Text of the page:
Barry Katzman

Heel Spur Syndrome

A very common reason for patients to seek a podiatrist’s help is due to the pain of a heel spur. Those afflicted are generally active, overweight, and posses an unstable foot type, either high arched, or flat. Athletes have a higher incidence of heel spurs than the overall population.

The intensity of pain varies with the shape and location of the spur, size is not a crucial factor. Most heel spurs are painless at first and may only be discovered while the foot is being x-rayed due to another problem. The spur may later go on to become symptomatic and cause pain and disability.

A heel spur is a bony overgrowth just in front of the heel bone extending along its entire width. Initially the patient has discomfort upon taking the first steps of the day in the morning or standing on their feet after sitting for a prolonged time. Once walking for a few minutes, the arch starts to stretch out and the heel pain decreases to some degree but tends to get worse again at the end of the day. Pain also returns after beginning to walk after periods of non ambulating. Upon examination, there is a localized area of pain under the inner aspect of the heel.

The major cause of heel spurs is abnormal pronation due to an unstable foot type. There is a strong ligament called the plantar fascia, which attached to the front of the heel and stretches along the sole of the foot to the front of the metatarsals. With pronation this ligament is stressed and over a long period of time, reactive changes cause the bone spur.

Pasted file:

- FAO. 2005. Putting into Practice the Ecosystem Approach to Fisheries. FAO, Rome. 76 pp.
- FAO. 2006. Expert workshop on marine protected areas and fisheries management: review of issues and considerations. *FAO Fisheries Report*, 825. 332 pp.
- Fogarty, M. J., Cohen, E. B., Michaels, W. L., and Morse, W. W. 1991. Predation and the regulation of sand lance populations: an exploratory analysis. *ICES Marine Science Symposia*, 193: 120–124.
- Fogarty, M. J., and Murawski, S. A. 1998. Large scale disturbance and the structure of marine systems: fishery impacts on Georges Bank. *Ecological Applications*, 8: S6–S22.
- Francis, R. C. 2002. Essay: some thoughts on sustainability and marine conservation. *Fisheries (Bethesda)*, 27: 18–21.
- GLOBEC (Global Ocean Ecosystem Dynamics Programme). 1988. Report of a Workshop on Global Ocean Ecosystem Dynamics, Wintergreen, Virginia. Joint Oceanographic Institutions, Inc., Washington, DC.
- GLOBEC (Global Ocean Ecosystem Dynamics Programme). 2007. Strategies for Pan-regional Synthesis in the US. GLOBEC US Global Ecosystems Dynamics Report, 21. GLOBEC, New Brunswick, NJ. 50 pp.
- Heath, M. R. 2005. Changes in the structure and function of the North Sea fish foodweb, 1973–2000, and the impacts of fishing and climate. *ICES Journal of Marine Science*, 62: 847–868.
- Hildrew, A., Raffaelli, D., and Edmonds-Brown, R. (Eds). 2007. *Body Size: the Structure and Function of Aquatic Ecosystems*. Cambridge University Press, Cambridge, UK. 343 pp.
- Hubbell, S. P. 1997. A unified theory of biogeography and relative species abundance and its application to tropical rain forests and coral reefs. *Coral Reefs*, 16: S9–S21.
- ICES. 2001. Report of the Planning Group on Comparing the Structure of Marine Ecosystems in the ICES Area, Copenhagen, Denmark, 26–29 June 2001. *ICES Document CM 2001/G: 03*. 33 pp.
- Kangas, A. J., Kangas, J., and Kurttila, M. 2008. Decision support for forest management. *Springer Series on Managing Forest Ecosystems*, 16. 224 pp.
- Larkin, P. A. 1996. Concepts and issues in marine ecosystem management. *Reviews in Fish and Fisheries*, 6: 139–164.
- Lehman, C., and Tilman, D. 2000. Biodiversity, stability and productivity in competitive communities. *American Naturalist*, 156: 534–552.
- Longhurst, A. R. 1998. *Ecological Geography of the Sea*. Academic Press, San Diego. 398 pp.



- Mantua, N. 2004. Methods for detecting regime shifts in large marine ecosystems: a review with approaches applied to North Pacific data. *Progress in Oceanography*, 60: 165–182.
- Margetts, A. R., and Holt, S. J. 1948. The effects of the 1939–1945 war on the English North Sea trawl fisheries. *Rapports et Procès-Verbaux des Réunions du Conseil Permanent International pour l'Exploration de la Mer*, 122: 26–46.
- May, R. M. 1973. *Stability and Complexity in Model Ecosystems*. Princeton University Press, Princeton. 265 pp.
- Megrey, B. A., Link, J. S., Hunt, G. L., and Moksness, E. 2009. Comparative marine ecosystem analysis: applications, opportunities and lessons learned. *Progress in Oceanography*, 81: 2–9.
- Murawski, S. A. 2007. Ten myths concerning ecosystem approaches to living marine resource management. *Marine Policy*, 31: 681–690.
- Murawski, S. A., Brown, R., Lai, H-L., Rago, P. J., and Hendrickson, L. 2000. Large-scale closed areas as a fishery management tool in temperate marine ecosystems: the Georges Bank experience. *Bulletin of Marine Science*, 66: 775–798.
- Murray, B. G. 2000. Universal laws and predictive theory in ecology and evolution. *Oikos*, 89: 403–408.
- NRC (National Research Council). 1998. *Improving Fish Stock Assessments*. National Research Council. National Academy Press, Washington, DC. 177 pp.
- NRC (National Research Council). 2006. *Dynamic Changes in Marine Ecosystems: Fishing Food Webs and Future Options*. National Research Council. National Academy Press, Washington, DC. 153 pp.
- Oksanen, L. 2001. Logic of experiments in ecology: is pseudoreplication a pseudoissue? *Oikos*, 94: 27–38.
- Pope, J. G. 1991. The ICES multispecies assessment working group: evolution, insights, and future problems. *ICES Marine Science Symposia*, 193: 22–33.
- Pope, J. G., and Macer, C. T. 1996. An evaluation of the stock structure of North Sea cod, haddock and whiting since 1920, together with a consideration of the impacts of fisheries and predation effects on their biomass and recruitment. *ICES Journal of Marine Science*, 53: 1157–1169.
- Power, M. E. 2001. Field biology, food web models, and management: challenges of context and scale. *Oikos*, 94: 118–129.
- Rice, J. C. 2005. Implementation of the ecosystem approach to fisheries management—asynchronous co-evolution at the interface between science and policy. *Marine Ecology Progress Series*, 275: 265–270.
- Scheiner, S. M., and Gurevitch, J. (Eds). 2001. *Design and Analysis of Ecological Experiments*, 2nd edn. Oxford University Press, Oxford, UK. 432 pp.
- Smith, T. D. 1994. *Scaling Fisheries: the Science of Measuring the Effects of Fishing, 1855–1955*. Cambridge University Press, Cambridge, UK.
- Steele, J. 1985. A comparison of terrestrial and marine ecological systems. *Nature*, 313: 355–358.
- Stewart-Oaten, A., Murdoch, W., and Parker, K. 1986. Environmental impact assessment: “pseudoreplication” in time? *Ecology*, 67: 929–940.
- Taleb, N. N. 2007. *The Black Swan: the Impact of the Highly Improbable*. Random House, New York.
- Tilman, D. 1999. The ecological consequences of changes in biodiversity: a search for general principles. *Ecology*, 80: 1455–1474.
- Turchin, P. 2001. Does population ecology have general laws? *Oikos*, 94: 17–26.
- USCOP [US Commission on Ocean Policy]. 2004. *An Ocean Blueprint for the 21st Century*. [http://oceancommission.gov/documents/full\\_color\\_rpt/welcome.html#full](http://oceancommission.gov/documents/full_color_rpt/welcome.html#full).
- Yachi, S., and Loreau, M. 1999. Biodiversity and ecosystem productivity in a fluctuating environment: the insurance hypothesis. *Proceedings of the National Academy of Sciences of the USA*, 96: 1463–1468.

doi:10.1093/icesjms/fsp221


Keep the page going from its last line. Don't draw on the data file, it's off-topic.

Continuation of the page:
Treatment can usually be successful without the need for surgical intervention. In the initial treatment, taping of the foot to provide biomechanical control to reduce abnormal pronation, local injection therapy, and anti inflammatory medications are employed. Usually, four or five weekly treatments eliminate the painful complaints while normal routine is uninterrupted. Orthotics are then custom fabricated to control pronation and reduce fascial strain. Over ninety percent of all heel spurs are controlled in this manner. In the remainder of the cases the painful spur must be surgically removed and the tension on the plantar fascia must be released. The patient wears a special shoe for a few weeks, then gradually goes back to regular shoes.

The heel spur syndrome is a common foot ailment which usually responds to conservative medical and biomechanical care and does not have to be a source of discomfort and disability to the patient.

This information has been prepared by the Consumer Education Committee of the American College of Foot and Ankle Surgeons, a professional society of 5,700 podiatric foot and ankle surgeons. Members of the College are Doctors of Podiatric Medicine who have received additional training through surgical residency programs. The mission of the College is to promote superior care of foot and ankle surgical patients through education, research and the promotion of the highest professional standards. Copyright © 2004, American College of Foot and Ankle Surgeons,

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